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A Gentleman, If Not a Christian: the Life of Rufus Griswold

In August of 2014, we covered the scandal between Poe and Rufus Griswold, Poe’s defamer. We went in depth into the situation and analyzed the happenstances leading up to Griswold’s scheme. However, it should be recognized that Griswold was more than just a villainous character in the life of Poe.

Rufus Griswold

Rufus Wilmot Griswold was born February 13, 1815, in Benson, Vermont. He and his ten siblings lived on a small farm with their parents, Deborah and Rufus Griswold. According to biographer Jacob Neu in his article, “Rufus Wilmot Griswold,” not a lot of information is known about his childhood. Neu paints Rufus’ modest childhood:

…no doubt [Rufus] performed such chores as are incident to the duties of a boy on a small farm. Very likely he took a boy’s part in the husking-bees, the sugar-making, and the fur-trapping. He attended such church services as were held in the church of his parents. His diversions he found in the companionship of other boys at the ‘bees’ of the neighborhood, in occasional visits to the banks of the Hudson or to Benson’s Landing, both but a few miles…from his home, or to the lumbering camps near the Westhaven settlement south of his home (102). 

 According to his son, William, in Passages from the Correspondence and Other Papers of Rufus W. Griswold, Rufus attended the Rensselaer school at Troy, thanks to the graciousness of his brother, Heman, who was a well known business man in that town. Just fifteen, he was kicked out of the school because of a school prank, and was sent to live in Heman’s counting-room (7). According to William, Rufus became acquainted with George G. Foster, writer of New-York by Gaslight, and abandoned his family to move in with Foster in Albany, New York.

Although it is believed that Griswold spent his later teenage years voyaging the world, according to Neu for example, many modern biographers since have discovered the fallacy in this part of his biography. What is known is that, according to the Vergennes Vermonter, he spent time in the South during this time (Neu 104).

In October of 1834, he began working for the office of the Constitutionalist in Syracuse, New York. After his brother, Silas, brought to his attention another job, it is presumed that Rufus began editing for the Chautauqua Whig, officially establishing himself as an editor (104). His success continued with the editorships of both the Western Democrat and Literary Inquirer in 1835 and the Olean Advocate in 1836 (105). It was just before he took the Olean Advocate job when he found his first love and future wife, Caroline Searles.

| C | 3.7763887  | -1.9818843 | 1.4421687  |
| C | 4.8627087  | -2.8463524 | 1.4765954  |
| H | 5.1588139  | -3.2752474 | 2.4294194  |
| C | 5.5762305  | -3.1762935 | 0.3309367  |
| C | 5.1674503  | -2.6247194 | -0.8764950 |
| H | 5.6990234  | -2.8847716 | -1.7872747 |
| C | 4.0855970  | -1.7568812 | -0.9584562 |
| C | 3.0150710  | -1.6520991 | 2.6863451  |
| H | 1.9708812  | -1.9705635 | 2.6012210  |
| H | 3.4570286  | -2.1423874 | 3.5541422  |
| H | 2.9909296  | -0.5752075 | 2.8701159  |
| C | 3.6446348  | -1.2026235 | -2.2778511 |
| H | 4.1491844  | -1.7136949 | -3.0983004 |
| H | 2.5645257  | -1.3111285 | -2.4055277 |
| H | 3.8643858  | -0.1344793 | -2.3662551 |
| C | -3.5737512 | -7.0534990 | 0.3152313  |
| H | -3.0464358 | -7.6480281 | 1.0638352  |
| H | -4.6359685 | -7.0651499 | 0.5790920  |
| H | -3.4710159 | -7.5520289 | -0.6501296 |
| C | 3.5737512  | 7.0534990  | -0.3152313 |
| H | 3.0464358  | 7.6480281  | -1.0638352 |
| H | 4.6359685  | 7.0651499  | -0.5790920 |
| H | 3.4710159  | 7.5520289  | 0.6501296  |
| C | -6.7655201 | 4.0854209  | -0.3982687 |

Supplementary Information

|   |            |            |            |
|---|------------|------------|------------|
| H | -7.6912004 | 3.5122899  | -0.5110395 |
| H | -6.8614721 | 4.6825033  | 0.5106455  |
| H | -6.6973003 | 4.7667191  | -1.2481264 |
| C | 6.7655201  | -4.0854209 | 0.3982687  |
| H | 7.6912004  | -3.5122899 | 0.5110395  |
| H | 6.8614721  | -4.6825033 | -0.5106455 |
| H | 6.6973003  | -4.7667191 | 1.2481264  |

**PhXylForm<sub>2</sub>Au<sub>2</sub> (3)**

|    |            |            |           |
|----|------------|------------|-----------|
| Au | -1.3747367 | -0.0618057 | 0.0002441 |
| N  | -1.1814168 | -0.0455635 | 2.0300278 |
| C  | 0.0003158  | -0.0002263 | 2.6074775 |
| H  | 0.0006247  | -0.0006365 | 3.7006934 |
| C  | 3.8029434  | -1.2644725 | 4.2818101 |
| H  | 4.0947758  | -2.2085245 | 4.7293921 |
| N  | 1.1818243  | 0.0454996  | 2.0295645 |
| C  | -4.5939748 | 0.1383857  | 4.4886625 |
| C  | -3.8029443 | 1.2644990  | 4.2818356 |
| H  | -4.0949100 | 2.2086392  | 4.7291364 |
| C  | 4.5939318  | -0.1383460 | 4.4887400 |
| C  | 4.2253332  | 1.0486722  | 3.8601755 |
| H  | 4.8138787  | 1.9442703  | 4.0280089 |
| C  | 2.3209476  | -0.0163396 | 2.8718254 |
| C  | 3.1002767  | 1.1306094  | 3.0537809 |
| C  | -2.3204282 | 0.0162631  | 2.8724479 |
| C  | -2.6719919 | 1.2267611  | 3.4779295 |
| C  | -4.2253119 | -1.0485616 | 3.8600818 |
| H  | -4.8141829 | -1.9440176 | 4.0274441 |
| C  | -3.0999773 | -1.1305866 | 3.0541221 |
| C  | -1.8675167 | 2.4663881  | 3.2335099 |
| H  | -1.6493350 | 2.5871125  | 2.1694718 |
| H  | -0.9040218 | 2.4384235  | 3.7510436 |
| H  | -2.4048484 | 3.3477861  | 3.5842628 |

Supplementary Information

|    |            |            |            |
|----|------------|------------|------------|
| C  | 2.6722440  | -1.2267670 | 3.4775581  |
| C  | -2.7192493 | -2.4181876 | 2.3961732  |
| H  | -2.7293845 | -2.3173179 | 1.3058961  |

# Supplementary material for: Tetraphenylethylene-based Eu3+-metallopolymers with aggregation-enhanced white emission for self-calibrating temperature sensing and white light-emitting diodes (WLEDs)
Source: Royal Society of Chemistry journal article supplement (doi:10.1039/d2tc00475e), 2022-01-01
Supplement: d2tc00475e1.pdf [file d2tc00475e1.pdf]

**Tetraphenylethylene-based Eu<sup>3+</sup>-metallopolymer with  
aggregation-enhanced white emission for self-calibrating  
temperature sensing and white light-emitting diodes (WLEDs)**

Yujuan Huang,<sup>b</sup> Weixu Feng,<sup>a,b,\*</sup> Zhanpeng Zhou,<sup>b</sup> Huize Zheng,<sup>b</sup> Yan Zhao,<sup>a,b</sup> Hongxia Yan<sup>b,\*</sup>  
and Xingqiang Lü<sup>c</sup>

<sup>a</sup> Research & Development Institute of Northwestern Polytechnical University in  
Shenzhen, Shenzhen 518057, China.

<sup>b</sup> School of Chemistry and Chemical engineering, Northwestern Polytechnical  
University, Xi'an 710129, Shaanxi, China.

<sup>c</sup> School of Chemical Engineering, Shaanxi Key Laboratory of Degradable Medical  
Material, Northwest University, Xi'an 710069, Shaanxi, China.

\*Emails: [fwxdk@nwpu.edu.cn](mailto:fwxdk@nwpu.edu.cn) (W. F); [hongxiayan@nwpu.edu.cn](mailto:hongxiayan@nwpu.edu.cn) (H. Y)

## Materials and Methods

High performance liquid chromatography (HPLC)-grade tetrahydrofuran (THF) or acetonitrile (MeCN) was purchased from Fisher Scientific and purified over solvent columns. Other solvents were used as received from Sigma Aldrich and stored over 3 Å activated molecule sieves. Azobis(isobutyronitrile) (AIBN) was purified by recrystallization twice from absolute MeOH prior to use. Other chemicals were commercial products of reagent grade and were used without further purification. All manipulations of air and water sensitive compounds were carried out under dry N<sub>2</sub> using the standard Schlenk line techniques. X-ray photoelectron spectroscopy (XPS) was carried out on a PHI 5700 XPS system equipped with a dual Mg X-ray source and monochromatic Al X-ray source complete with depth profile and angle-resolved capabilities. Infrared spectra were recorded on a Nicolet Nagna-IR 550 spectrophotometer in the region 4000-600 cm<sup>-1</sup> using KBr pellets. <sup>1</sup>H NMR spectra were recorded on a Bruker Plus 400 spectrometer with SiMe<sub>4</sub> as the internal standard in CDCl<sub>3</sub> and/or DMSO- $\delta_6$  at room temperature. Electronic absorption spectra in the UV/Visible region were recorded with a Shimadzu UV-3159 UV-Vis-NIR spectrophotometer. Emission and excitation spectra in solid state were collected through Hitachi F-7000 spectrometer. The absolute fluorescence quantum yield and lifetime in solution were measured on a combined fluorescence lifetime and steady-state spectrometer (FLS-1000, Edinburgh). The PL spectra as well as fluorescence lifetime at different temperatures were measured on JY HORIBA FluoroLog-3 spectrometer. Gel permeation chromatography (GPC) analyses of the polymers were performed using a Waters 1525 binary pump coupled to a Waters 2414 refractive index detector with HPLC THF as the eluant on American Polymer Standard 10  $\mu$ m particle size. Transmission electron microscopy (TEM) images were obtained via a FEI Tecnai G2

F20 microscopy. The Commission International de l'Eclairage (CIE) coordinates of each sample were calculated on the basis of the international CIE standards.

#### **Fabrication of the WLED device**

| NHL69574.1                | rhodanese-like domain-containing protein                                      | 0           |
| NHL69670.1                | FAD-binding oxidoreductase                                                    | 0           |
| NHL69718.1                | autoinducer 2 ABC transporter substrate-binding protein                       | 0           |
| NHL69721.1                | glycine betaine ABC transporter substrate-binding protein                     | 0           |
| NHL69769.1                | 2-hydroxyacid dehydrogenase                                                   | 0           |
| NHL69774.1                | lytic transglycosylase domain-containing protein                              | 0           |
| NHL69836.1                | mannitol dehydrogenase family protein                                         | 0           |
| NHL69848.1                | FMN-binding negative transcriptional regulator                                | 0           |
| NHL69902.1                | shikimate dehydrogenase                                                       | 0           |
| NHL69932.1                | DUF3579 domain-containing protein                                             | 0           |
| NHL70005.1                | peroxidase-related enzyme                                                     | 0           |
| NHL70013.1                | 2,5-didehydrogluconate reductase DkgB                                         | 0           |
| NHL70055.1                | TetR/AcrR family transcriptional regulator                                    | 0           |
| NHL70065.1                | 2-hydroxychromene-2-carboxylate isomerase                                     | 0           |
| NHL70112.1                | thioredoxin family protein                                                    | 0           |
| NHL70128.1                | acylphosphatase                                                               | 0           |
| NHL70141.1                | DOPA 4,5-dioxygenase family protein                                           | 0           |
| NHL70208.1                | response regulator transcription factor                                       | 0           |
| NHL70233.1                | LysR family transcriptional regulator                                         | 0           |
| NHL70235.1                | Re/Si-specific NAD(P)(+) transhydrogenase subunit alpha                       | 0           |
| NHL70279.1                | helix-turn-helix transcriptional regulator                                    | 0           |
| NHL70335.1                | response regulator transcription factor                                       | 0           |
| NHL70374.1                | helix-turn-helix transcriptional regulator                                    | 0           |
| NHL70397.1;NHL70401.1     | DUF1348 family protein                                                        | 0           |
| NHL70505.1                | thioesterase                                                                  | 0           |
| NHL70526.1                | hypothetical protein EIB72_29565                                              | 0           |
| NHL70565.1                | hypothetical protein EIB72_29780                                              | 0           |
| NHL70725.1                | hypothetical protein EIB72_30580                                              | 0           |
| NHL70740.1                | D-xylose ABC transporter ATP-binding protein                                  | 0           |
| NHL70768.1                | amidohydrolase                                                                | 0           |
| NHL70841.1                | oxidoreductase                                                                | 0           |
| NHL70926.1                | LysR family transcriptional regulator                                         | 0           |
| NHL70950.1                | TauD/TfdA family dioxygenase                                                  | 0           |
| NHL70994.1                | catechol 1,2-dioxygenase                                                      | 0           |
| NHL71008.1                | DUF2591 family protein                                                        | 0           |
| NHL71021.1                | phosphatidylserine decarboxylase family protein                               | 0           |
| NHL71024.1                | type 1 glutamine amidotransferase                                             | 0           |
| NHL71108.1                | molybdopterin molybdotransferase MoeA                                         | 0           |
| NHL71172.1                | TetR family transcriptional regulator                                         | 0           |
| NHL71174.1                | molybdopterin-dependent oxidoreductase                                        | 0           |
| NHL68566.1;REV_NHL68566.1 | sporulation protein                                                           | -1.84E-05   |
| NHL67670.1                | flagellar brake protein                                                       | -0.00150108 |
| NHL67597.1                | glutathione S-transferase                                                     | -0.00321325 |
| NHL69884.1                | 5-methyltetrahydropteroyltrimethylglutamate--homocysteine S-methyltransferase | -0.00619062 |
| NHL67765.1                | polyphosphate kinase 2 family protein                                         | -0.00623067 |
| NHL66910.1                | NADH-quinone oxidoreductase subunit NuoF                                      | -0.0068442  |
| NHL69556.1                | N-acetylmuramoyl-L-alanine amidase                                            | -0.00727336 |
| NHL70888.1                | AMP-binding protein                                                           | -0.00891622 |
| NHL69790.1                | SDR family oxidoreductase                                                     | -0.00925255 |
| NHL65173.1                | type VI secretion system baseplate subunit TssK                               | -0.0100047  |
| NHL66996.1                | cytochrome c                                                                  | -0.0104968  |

According to Joy Bayless in her book, Rufus Wilmot Griswold, Griswold was walking with a friend when a downpour occurred sending the two men to take shelter in a home at 51 1/2 Clinton Street. Griswold’s friend, Butler, was well known by the owner of that home, Mrs. Angell, who was the mother of Hamilton Randolph Searles and Caroline Searles, who was then nineteen (15). According to Bayless, “This beautiful girl, with her dark, shy eyes and her glossy auburn hair, immediately became the center of Griswold’s world; and he learned later that from the moment she saw him her heart was his” (15).

Caroline Searles Griswold

The two were separated for a time when Griswold accepted a job as editor for the Olean Advocate in Olean, New York, however he left the paper Christmas 1836, and rejoined Caroline. The two married March 20, 1837, and, according to Bayless, “…[he], romanticizing himself into the rôle of tragic outcast rescued from his exile by a good angel, was happier than he had ever been in his life” (20).

Griswold’s life was improving and seemed promising with his new wife. According to Bayless,

He was smooth and suave as if he had lived in metropolitan cities all his twenty-two years. His slender physique carried his fashionable dress gracefully; and his glib tongue discoursed easily of books he had read, of sights he had seen, and of literary and political happenings of the day….He was intelligent looking, with a high broad forehead and large gray eyes, sharp, trenchant nose, and an expression of cocksure defiance…Griswold’s best asset, however, was his ability to attract friends…(22).